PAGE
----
When the storied Velvet Cloak Inn was torn down last month to make room for a student apartment complex, it marked the latest in a series of massive changes taking place along Raleigh’s Hillsborough Street. An Atlanta developer bought the 54-year-old New Orleans-style property, which in its prime hosted U.S. presidents and celebrities but in recent decades had fallen into disrepair.
After years of uncoordinated growth, the area is now a hub of new development, with more than $308 million funneled into projects since 2009 along the street’s busiest 3-mile stretch. The figure swells to $1.2 billion if you include planned or completed investments by N.C. State University and others in surrounding areas, according to a December report by the Hillsborough Street Community Service Corp. The municipal service district was established in 2009 to boost the area’s economy and improve property values. The district extends from St. Mary’s School in the east to Interstate 440 in the west.
“It’s one of the fastest-growing districts in one of the fastest-growing cities in the United States,” says David Dean, the group’s director of programs. Major changes began in 2008, when the city launched a streetscape plan that includes reducing traffic from four lanes to two, adding roundabouts to improve traffic flow, widening sidewalks and adding bike lanes.
Recent projects include Stanhope Center, an $80 million student apartment complex developed by Kane Realty that includes 20,000 square feet of retail space. The six-story structure opened in August 2015, wooing college students with its 300 furnished apartments, cyber lounge, two-story fitness center and saltwater pool.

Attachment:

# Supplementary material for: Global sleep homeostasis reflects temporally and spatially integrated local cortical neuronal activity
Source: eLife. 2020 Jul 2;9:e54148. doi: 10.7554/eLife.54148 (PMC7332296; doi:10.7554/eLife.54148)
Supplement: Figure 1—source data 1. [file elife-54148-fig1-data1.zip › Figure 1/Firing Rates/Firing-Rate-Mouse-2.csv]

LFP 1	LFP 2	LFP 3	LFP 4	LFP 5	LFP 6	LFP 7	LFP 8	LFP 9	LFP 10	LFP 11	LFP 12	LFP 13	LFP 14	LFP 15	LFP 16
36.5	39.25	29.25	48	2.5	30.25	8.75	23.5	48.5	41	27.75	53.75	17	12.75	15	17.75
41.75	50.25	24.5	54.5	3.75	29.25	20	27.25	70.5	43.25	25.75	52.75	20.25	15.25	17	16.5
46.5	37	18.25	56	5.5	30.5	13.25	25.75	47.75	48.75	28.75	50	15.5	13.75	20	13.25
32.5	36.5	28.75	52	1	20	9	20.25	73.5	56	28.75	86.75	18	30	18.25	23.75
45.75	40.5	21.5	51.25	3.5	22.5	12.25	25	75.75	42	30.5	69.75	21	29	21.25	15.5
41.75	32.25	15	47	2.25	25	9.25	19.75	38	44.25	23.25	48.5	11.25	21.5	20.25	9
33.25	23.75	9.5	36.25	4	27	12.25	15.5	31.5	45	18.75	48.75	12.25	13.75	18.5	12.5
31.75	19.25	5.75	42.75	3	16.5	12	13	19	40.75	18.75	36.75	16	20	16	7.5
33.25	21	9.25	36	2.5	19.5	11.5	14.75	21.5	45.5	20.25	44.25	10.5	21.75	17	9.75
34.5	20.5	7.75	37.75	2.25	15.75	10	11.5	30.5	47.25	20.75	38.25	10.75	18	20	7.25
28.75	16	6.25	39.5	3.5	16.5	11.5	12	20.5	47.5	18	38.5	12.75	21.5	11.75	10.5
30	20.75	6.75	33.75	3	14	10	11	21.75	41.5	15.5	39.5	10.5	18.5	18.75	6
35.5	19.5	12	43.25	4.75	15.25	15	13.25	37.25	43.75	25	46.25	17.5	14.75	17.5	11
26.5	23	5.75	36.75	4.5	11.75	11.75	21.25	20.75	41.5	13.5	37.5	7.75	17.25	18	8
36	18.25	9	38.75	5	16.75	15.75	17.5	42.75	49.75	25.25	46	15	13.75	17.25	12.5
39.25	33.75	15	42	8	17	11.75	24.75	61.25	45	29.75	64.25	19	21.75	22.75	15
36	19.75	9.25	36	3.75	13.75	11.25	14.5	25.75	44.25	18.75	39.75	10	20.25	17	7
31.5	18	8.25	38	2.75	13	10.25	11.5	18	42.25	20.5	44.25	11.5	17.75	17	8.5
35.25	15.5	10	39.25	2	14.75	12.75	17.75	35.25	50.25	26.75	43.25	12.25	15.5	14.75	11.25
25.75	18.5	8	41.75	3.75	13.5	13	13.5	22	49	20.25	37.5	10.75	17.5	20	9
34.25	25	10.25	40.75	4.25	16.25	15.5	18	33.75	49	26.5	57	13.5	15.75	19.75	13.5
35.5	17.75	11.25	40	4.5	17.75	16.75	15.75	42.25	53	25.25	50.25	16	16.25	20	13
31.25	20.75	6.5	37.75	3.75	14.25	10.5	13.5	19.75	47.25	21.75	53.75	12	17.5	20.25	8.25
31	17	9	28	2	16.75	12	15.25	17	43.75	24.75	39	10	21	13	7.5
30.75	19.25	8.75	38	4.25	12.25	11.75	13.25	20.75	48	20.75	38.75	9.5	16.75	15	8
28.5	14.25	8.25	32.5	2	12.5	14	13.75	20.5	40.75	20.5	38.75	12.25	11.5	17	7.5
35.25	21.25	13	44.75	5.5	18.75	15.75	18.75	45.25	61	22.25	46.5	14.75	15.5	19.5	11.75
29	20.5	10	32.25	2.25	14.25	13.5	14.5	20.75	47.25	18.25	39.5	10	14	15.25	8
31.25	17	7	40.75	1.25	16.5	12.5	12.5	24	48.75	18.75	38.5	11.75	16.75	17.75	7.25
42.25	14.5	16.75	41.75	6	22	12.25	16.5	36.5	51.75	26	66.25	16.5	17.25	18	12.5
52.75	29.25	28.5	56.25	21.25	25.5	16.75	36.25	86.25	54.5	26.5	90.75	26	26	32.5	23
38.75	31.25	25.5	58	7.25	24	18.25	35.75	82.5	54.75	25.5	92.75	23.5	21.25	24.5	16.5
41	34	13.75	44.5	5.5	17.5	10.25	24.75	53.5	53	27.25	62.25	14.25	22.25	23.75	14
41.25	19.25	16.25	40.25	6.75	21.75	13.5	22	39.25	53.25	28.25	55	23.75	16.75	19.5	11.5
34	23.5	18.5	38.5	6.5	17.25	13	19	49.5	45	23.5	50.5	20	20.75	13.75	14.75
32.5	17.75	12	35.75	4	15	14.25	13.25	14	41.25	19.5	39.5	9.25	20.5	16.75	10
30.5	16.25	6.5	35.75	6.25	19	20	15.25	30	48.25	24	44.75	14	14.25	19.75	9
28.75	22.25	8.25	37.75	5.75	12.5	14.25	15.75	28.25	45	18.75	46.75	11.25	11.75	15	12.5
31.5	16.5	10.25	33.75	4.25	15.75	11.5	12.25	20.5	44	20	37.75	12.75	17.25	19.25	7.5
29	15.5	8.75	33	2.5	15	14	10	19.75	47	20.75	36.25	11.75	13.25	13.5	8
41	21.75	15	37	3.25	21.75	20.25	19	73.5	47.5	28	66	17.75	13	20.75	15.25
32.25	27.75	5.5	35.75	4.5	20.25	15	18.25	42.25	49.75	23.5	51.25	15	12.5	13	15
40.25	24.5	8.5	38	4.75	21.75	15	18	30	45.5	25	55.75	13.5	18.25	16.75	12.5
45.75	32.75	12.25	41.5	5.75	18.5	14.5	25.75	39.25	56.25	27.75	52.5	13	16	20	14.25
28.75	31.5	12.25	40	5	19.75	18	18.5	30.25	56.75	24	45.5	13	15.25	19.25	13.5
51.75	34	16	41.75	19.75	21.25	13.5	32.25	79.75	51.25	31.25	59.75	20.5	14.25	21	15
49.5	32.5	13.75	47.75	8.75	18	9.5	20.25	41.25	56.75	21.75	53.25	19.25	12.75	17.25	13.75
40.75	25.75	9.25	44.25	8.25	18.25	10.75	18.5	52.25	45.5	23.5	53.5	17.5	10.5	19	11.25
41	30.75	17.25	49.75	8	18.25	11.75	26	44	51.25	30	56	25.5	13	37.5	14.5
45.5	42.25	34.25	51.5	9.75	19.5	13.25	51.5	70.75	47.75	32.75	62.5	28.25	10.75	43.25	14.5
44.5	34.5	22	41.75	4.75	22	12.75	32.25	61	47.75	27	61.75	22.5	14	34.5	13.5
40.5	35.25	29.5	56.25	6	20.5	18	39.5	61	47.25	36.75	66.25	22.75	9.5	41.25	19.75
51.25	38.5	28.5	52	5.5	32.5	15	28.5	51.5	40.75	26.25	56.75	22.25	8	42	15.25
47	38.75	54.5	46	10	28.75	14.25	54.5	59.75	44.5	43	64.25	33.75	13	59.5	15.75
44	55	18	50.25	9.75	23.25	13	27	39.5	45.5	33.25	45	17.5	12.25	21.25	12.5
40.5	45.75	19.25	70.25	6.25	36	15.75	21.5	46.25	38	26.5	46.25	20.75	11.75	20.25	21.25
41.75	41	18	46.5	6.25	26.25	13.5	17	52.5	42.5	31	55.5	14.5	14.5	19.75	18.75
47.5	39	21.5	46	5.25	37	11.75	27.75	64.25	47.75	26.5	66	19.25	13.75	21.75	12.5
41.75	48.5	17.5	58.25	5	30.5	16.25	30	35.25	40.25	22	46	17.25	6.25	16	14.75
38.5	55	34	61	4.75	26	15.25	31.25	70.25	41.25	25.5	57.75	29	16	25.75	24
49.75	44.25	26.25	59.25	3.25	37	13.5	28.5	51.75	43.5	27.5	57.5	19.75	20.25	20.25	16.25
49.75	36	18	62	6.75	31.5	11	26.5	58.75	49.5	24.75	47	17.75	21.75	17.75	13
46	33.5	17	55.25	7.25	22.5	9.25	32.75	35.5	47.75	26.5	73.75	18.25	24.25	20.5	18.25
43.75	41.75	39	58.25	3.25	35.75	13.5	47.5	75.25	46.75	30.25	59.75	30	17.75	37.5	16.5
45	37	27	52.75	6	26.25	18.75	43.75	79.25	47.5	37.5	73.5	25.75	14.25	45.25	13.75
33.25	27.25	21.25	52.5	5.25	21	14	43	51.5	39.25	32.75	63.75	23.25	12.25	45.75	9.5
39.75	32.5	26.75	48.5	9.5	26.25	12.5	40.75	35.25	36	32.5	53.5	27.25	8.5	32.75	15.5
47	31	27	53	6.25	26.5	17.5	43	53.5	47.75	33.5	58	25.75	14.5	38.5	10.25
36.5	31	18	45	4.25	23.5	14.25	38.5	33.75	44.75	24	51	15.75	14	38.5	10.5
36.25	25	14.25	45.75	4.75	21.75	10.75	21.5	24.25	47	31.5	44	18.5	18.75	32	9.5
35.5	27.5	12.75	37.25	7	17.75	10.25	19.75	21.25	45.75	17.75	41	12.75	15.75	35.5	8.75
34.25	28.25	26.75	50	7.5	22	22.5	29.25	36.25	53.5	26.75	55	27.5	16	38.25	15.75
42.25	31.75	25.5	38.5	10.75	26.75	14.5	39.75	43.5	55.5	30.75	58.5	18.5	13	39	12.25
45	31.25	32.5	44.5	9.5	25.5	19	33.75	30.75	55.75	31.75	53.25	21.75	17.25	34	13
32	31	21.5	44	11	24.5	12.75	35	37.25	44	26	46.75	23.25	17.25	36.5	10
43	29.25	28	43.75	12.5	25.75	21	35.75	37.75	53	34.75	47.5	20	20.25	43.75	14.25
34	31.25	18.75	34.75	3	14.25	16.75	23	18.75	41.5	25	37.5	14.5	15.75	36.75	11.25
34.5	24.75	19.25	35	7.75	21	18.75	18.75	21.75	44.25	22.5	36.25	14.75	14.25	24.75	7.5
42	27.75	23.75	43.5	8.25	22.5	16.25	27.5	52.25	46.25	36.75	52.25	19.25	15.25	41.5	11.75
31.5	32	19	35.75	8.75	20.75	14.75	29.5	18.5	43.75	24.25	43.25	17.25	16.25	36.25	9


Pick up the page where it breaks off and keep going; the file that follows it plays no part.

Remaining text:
While many venerable properties have been demolished, some landmarks remain, including the former Varsity Theater. It reopened last year as a 240-seat restaurant called H-Street Kitchen after a $1.8 million renovation. An old Nehi bottling plant is now home to Knowledge Tree, a technology company, after a $2.5 million investment from Meetinghouse Properties, the development company started by James Goodnight Jr..
Not everyone has welcomed the changes. After N.C. State bought the property across from its bell tower with plans to build a 135-room Aloft Hotel, patrons of Schoolkids Records and Sadlack’s Heroes, a sub shop with a hippie vibe that opened in 1973, lamented the fact that the businesses would have to relocate.
Still, property values have appreciated more than in any other part of the city, according to Will Gaskins, the district’s economic-development specialist.
“As Raleigh is growing, the downtown core is creeping west,” he says, and the group’s supporters hope Hillsborough Street will remain a favorite destination for not only college students but business owners, diners and shoppers of all ages.
DURHAM — Brad Wilson, president and chief executive officer of Blue Cross and Blue Shield of North Carolina, will retire later this year. Wilson has worked for the company since 1996 and became CEO in February 2010. His successor has not been named. The health insurer with more than 3.7 million customers had net income of $185 million and revenue of $7.8 billion in 2016.
DURHAM — LED lighting company Cree scrapped a plan to sell its Wolfspeed power and radio frequency division to Infineon Technologies, a semiconductor company based in Germany. Frank Plastina, chief executive officer of Wolfspeed, resigned after the $850 million deal was canceled. According to the termination agreement, Infineon will pay a fee of $12.5 million to Cree.
CHAPEL HILL — Cempra laid off 91 employees, about 67% of its workforce, following the FDA’s rejection of its pneumonia treatment. The drug developer based here last month hired Morgan Stanley to help it seek a buyer. Shares traded at $3.75 in mid-March, down from $18 a year earlier.